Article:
How Much Lime Needed To Sprinkle In The Garden?

You have decided to lime your garden but do not know how much lime to spread?

In this article you will learn what is the necessary amount of lime for different soil types and how much lime you should spread depending on the current condition of your garden.

How much lime the garden needs depends mainly on the soil type and the current soil pH. Depending on the difference between the current and target pH value, lime should be spread. On average, it can be said that about 150 grams of lime per square meter should be spread annually in the vegetable bed and about 50-100 grams of lime per square meter and year are necessary for lawn, woody plants or perennials.

How much lime the garden needs

Not every garden or soil needs extra lime.

Whether and how much your garden needs lime depends on several factors:

Soil type

Depending on whether you have a heavy soil (clay or loam) or a lighter soil (sand) in your garden, lime needs will differ.

This is because the target pH for heavy soils is higher than that for lighter soils.

This is mainly due to the lower permeability and higher density of heavy soils, which makes diffusion, i.e. the balancing of lime and other substances, more difficult.

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In addition to the soil type, i.e. the main material the soil is made of, a distinction is also made between the soil texture.

Soil texture describes whether a soil is rather dense, loose, coarse-grained or fine-grained.

In addition to the soil type, you can also influence the texture yourself, e.g. by loosening with a sow tooth or sowing green manure.

If the soil is rather dense and coarse-grained, this corresponds to the lime requirement of heavy soils. If the soil is more loosened and fine-grained, this indicates a light soil.

Location and precipitation

In addition, the lime requirement depends on the location and the corresponding precipitation in the garden.

Over time, the soil in Central Europe is washed out by the rain and becomes acidic.

So if it rains a lot and often where you live, the lime requirement in the soil can be higher than in a rather drier place.

To determine the lime requirement of the garden, the soil pH is used.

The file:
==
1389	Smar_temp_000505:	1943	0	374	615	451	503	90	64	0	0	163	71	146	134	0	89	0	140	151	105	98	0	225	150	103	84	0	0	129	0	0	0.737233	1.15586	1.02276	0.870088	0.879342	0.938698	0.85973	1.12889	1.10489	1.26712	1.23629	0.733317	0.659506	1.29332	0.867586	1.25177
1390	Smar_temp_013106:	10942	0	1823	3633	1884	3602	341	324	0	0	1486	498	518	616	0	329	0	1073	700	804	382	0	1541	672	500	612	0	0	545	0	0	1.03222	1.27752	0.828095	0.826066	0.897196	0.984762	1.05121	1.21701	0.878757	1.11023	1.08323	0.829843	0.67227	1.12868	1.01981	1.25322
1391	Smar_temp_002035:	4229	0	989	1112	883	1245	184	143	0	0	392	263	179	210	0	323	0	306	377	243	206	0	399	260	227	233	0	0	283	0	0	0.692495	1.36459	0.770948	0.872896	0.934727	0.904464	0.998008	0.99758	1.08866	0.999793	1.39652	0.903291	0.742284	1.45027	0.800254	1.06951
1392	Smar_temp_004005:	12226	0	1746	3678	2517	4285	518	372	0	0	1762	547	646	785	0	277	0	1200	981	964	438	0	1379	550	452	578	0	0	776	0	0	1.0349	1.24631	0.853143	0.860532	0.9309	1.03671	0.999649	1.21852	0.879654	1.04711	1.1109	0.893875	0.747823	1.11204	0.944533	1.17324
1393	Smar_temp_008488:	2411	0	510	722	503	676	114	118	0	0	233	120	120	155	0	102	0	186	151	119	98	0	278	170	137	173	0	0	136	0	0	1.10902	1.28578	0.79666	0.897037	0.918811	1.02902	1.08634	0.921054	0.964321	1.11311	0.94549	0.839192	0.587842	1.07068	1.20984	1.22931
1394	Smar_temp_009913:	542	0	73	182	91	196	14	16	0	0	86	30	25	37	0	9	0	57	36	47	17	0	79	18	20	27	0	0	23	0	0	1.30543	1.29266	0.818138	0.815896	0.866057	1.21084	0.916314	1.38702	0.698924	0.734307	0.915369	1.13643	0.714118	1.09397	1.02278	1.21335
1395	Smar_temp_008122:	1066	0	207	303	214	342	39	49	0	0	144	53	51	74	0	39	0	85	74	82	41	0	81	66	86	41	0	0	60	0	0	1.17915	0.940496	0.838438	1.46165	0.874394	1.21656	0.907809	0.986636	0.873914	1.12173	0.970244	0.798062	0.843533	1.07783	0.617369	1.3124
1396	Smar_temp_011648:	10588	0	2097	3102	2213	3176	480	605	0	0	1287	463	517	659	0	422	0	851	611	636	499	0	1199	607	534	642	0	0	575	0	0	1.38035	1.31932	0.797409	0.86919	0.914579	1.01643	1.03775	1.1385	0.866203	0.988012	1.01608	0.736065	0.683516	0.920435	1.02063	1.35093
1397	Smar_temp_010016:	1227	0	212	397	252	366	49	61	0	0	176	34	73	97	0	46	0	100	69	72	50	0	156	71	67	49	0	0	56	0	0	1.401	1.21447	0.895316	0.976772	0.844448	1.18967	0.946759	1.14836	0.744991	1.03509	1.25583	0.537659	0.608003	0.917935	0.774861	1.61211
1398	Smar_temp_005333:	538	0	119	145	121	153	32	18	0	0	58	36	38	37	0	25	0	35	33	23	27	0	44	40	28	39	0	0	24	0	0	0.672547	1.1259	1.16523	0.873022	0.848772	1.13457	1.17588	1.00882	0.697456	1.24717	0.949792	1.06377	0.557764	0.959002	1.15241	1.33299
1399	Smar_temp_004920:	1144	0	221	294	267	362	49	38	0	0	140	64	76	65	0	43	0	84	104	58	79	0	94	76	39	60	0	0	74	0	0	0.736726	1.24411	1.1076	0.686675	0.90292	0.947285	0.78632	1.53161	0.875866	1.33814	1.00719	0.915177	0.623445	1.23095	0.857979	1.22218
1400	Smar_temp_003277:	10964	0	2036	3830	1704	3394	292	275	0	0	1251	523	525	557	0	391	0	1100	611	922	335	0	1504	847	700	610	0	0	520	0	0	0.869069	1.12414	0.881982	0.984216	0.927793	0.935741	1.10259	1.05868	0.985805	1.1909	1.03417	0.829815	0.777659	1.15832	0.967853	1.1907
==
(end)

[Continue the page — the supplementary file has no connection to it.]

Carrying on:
This measures the acidity or alkalinity of the garden, which is influenced by soil type and texture as well as rainfall.

Depending on the difference between the current and target soil pH, you can calculate the amount of lime needed for your garden.

If the current soil pH is below the target, then you should spread lime in the garden. However, if the current pH is above the target, then no liming is needed.

To test the soil pH you can either use such a test strip from Neudorff* or buy a soil tester (such as this one*) that can be used again and again.

Lime requirement for sandy soils

Sandy soils are very light soils that are naturally slightly acidic and thus have a relatively low target pH of about 5.3.

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This means, for example, if you current pH of your sandy soil is 4.8, then you should spread about 100-150 grams of lime per square meter.

How much lime to spread without knowing the soil pH?

If you have no way to determine the pH of your soil or you do not know exactly what kind of soil you have in the garden, then you can also use the following simplified amounts for a lime addition:

Vegetable bed: sprinkle 150 grams per m² per year
Lawns/woods/shrubs: 50-100 grams per m² per year.

How often to spread lime?

First, you should spread the required amount of lime in the garden once a year.

At what time or at what season you should do this, you can read in the article that I have linked to you here on the right.

After liming, you should measure the soil pH again about a quarter to half a year later and then decide whether a further addition of lime is necessary.

What to do if the current pH is above the target soil pH?

If the current soil pH value is above the target value for the respective soil type, then you should not spread lime in the garden.

On the contrary, in this case you should wait and measure the soil pH again after some time, after about a year, to check if there is still an excess of lime or if there is a lack of lime in the meantime.

If this is the case, then you can very carefully try to lower the soil pH with simple biological means, for example by mixing some coffee grounds or pine needles under the soil.

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What to do if too much lime has been spread?

If you have spread too much lime than necessary in the garden, then the first thing to do is to wait and not to take any hasty countermeasures before you know what the effect of the lime in the soil will be.

Then you should measure the soil pH after about a quarter to half a year after liming.

If the pH value is then much higher than the actual target value, you can carefully try to lower the pH value, for example by mixing pine needles or coffee grounds under the soil.


  • James Jones

    Meet James Jones, a passionate gardening writer whose words bloom with the wisdom of an experienced horticulturist. With a deep-rooted love for all things green, James has dedicated his life to sharing the art and science of gardening with the world. James's words have found their way into countless publications, and his gardening insights have inspired a new generation of green thumbs. His commitment to sustainability and environmental stewardship shines through in every article he crafts.

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